Patients who did not complete CGA; patients who refused to participate; patients who had a history of severe illness that may impair general health status, such as acute renal failure, acute liver failure, acute cerebrovascular event, and sepsis; and patients under 65 years of age were excluded. Dementia was diagnosed according to Diagnostic and Statistical Manual of Mental Disorders, Fifth Edition, criteria and patients with severe dementia, who were classified as Clinical Dementia Rating 3, were also excluded as these individuals might not be able to accurately recall responses for questions mentioned in Fried and MNA-SF questionnaires. Moreover, the reliability of hand grip strength is low for older patients with dementia.24,25 After CGA was performed by a geriatrician, 1,003 patients who did not meet the exclusion criteria were included in this study. Informed consent was provided by each participant or a legal guardian before participating in the study.
MNA-SF and diagnosis of frailty
The MNA-SF test comprises simple measurements and six questions that can be completed in less than 5 minutes: anthropometric measurements (body mass index, weight loss); global assessment (mobility); and dietary questionnaire and subjective assessment (food intake, neuropsychological problems, acute disease). A total score of MNA-SF <8, 8–11, and >11 indicates malnutrition, risk of malnutrition, and no malnutrition, respectively.23,26
Fried et al in 2001 defined the frailty status based on five dimensions of frailty phenotype. These criteria include: shrinking, exhaustion, low levels of physical activity, weakness, and slowness. One point is assigned for each criterion: 0 points, not frail/robust; 1–2 points, pre-frail; ≥3 points, frail.18 Weakness, assessed by grip strength of the dominant hand with a dynamometer, was defined as less than or equal to the cut-off points according to the sex and BMI points determined by Fried et al. Shrinking was defined as unintentional weight loss of 4.5 kg or >5% of baseline body weight within the previous year. Patients were considered to have low physical activity if they had performed no physical activity, or rarely had short walks, or spent most of the time sitting in the previous year.18,27 Gait speed was evaluated by using 4 m walking test, and it was regarded as slow if the time recorded was less than or equal to the cut-off points according to sex and height. The exhaustion criterion was met if the answer was, “Much or most of the time” when asked, “How often in the last week did you feel this way” to either of the following two statements: “I felt that everything I did was an effort” and “I could not get going.”18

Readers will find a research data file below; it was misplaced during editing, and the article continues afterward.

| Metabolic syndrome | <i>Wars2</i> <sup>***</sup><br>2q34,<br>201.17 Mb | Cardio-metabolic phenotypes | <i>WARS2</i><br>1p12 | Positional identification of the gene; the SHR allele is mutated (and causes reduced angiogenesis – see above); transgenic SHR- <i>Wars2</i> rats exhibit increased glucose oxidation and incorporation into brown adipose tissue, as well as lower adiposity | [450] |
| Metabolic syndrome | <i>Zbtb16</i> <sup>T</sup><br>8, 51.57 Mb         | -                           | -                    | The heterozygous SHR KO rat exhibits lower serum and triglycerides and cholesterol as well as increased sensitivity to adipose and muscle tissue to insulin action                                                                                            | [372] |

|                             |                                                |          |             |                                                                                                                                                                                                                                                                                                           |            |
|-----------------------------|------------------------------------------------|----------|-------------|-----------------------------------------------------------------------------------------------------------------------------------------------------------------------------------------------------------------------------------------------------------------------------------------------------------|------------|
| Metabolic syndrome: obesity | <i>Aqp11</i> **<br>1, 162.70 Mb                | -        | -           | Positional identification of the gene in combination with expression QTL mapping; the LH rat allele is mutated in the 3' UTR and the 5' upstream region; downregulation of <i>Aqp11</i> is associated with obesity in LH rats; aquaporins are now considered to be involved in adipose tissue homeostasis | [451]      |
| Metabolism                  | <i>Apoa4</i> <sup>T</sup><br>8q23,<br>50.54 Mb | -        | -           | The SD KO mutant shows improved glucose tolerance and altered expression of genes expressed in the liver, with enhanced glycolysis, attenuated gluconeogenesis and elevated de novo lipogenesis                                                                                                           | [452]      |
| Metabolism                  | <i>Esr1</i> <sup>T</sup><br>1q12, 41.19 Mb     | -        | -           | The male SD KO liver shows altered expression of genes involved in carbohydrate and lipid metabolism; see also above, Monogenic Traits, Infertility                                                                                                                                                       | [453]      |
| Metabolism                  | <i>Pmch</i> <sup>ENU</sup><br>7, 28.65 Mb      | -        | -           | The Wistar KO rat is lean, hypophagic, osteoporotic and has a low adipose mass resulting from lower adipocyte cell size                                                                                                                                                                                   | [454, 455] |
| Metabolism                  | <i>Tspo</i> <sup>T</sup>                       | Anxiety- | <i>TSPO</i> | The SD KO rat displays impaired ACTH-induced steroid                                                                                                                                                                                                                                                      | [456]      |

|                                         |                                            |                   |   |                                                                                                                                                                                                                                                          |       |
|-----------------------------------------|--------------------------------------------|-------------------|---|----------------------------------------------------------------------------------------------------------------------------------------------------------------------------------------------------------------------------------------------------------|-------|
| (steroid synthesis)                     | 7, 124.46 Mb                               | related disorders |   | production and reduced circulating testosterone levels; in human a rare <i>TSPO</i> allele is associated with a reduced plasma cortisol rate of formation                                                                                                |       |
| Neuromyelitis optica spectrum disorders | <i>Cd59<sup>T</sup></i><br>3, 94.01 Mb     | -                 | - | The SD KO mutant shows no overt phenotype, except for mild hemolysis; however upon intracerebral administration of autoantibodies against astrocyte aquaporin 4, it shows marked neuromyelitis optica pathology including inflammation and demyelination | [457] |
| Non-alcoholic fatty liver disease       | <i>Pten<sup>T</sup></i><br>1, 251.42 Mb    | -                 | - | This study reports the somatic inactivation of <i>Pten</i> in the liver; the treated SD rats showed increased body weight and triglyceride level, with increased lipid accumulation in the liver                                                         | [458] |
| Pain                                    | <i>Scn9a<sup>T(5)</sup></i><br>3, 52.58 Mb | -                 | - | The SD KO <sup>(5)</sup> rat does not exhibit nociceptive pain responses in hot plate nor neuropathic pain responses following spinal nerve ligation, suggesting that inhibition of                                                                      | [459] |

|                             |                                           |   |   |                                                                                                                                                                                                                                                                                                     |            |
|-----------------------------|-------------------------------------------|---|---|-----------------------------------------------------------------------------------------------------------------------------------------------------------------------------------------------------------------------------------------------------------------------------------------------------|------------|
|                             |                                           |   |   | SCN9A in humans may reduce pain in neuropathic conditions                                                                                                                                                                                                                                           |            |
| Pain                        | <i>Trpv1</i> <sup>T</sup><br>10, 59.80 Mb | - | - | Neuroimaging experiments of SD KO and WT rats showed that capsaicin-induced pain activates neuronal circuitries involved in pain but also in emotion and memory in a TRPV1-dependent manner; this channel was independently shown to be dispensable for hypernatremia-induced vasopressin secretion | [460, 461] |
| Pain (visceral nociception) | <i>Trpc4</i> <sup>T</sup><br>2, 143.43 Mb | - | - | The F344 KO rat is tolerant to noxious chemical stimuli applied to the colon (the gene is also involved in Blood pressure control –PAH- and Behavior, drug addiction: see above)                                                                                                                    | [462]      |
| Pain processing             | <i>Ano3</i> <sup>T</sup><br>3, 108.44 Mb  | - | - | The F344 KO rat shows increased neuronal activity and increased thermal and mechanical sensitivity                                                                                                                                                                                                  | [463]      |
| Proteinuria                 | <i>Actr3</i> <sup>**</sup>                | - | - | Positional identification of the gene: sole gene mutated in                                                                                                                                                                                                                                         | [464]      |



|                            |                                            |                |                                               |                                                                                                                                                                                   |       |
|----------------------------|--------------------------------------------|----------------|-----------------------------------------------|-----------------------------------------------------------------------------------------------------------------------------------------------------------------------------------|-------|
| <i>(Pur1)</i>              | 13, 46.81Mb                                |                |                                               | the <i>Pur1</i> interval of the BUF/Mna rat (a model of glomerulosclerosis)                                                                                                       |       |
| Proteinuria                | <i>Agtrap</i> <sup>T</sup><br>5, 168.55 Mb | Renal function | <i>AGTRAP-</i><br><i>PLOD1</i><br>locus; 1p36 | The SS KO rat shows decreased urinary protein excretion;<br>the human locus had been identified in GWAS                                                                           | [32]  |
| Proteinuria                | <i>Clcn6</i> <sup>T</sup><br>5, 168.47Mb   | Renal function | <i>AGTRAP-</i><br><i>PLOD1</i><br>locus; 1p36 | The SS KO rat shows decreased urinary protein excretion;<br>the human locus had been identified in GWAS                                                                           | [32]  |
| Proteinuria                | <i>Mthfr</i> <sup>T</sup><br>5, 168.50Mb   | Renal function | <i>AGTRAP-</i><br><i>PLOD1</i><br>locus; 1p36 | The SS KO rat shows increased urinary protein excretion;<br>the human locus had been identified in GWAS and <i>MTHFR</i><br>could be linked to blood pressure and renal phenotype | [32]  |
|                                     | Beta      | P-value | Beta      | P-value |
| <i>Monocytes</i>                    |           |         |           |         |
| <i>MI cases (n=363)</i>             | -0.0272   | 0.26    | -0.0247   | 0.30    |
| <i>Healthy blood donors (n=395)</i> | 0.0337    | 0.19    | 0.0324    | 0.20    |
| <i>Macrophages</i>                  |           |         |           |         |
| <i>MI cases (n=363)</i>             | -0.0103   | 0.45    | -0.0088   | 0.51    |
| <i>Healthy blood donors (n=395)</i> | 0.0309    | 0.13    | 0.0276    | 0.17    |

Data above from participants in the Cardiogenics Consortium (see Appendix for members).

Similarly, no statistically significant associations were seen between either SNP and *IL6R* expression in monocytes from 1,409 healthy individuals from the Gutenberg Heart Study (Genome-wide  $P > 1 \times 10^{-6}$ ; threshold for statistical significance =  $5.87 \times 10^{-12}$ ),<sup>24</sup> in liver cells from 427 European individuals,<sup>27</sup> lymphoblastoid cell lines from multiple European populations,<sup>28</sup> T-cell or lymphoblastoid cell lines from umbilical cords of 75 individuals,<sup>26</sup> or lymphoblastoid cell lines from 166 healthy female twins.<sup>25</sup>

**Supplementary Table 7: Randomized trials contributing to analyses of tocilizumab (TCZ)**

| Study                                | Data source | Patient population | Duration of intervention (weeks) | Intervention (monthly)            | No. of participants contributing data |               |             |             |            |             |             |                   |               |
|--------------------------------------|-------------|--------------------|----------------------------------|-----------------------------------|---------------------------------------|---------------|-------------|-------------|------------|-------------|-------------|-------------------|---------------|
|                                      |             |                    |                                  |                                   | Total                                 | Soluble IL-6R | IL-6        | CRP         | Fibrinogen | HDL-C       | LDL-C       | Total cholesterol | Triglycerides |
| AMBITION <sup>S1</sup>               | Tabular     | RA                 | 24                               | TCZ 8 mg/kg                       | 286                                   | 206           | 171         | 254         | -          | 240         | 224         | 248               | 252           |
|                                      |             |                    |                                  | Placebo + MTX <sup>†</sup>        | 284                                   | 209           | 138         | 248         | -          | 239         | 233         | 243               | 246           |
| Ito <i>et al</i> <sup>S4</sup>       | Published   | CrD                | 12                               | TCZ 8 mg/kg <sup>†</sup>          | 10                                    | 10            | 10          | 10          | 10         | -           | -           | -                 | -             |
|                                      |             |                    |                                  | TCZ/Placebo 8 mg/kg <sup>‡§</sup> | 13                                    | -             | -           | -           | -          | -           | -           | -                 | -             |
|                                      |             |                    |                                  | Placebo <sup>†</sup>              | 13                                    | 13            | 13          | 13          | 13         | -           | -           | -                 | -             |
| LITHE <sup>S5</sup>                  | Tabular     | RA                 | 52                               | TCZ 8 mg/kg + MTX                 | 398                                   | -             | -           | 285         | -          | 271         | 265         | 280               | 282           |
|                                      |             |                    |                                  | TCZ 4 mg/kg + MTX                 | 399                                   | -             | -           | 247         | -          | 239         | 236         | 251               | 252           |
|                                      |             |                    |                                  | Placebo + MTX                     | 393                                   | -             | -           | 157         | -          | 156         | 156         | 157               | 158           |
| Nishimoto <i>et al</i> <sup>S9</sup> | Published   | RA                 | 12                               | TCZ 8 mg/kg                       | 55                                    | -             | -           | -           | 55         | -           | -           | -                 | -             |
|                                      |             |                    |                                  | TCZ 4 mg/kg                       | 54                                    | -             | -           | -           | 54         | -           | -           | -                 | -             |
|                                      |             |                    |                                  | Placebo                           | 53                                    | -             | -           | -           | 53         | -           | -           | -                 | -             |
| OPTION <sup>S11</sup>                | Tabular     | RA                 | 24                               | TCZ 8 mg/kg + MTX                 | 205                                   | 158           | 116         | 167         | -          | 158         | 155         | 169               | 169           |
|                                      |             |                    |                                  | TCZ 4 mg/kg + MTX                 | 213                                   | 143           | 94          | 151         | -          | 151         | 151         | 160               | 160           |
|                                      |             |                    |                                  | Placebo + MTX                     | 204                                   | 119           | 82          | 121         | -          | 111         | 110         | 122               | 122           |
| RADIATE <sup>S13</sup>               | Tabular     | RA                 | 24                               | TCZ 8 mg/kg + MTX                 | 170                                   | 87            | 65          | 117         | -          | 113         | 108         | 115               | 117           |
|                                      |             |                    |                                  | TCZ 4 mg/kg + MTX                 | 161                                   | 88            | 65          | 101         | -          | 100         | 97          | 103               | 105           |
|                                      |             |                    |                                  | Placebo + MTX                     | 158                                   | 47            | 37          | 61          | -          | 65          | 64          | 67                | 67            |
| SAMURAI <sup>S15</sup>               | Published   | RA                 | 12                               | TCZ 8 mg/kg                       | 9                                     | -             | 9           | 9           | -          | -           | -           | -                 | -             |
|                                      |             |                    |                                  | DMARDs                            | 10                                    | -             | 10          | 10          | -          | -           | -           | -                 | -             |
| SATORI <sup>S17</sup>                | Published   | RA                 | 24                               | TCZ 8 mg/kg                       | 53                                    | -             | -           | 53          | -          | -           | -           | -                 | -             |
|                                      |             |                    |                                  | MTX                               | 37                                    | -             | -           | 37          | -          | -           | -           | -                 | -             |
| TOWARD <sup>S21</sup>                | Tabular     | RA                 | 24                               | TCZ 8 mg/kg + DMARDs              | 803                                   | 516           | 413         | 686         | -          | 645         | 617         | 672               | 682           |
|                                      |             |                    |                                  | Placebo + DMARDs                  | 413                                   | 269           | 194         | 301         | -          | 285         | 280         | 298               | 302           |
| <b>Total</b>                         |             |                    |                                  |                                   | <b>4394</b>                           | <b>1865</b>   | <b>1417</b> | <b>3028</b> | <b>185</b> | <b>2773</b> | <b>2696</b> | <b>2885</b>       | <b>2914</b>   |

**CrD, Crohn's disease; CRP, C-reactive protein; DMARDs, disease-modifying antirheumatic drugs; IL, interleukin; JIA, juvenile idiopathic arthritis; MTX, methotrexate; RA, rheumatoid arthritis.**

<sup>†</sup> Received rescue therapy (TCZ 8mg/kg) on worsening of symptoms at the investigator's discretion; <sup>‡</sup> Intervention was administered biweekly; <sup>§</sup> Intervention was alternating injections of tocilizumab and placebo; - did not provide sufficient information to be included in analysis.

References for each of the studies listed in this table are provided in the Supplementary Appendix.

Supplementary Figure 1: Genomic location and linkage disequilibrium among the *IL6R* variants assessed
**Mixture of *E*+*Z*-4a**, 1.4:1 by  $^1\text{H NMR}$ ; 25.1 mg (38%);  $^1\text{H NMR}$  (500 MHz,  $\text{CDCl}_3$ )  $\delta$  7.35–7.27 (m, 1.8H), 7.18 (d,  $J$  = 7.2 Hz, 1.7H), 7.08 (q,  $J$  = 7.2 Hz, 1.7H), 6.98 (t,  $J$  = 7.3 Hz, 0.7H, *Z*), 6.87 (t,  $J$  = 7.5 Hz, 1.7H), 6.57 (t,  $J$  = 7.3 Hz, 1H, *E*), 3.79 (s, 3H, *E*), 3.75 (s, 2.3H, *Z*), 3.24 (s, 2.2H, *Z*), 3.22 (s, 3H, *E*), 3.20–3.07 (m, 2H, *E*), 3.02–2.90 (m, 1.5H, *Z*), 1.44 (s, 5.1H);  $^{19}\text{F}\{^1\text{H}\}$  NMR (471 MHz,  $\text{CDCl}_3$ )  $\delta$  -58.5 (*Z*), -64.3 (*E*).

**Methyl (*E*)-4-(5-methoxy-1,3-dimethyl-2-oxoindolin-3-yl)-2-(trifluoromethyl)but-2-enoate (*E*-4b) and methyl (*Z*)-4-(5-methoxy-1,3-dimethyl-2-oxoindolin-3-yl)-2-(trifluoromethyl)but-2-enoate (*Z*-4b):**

The investigation conformed to the Declaration of Helsinki. Written informed consent was received from the elderly subjects themselves or their proxy, and ethical approval was given by Erciyes University Institutional Board (2017/405).
SPSS statistics (version 17.0) was used to perform the analysis. Nominal variables were assessed by Pearson’s chi-squared test. Continuous variables with normal distribution were analyzed using one-way ANOVA followed by a post hoc test, and the Kruskal–Wallis test was used to assess the presence of non-normal distribution. Variances in more than two groups were assessed by post hoc Tukey’s test. The area under the receiver operating characteristic (ROC) curve was used to test the predictive accuracy to determine a suitable cut-off point. The test was repeated two times at an interval of 3 weeks by another researcher. Internal consistency was analyzed using Cronbach’s alpha test. Cut-off scores were assessed by constructing the ROC curve. All analyses were conducted for both frail and pre-frail groups separately. Sensitivity, specificity, and positive (PPVs) and negative predictive values (NPVs) were calculated for different cut-off scores of MNA-SF to identify pre-frail and frail older adults. For P<0.05, results were considered statistically significant.
Of the 1,003 outpatients (mean age 74.2±8.5 years), 73.5% were female.
A total of 313 participants (31.2%) were considered frail, 382 (38.1%) pre-frail, and 308 (30.7%) non-frail. About 6.8% of the patients were found to be malnourished, 33.0% were at risk for malnutrition, and 60.2% had a normal nutritional status. BADL, IADL, MMSE, POMA, and MNA-SF scores were lower, and the GDS and timed up and go test scores were higher in the frail group than in both pre-frail and robust groups (for each group, P<0.05). Descriptive characteristics of the participants are given in Table 1.
All the MNA-SF items that indicate malnutrition and total scores were significantly higher in frailty and pre-frailty groups than in the robust group (P<0.05).
Among frail and pre-frail patients, 49.2% and 25.1% were at risk of malnutrition and 22.0% and 1.6% were malnourished, respectively (P<0.05) (Table 2).
Table 2 Relationship between items of MNA-SF and frailty status
The Cronbach’s alpha for the internal consistency of the MNA-SF was 0.730, and the interclass correlation coefficient for the test–retest reliability was 0.776. MNA-SF with a cut-off point of 11.0 showed a sensitivity of 71.2% and a specificity of 92.8% for the detection of frail participants, and a cut-off point of 13 showed a sensitivity of 45.7% and a specificity of 78.3% for the detection of pre-frailty. The sensitivity, specificity, PPV, and NPV of the MNA-SF according to the Fried’s criteria are shown in Table 3.
Table 3 The sensitivity, specificity, NPVs, and PPVs of MNA-SF
The area under the ROC curve for MNA-SF was estimated to be 0.906 and 0.687 for frailty and pre-frailty, respectively (Figure 1).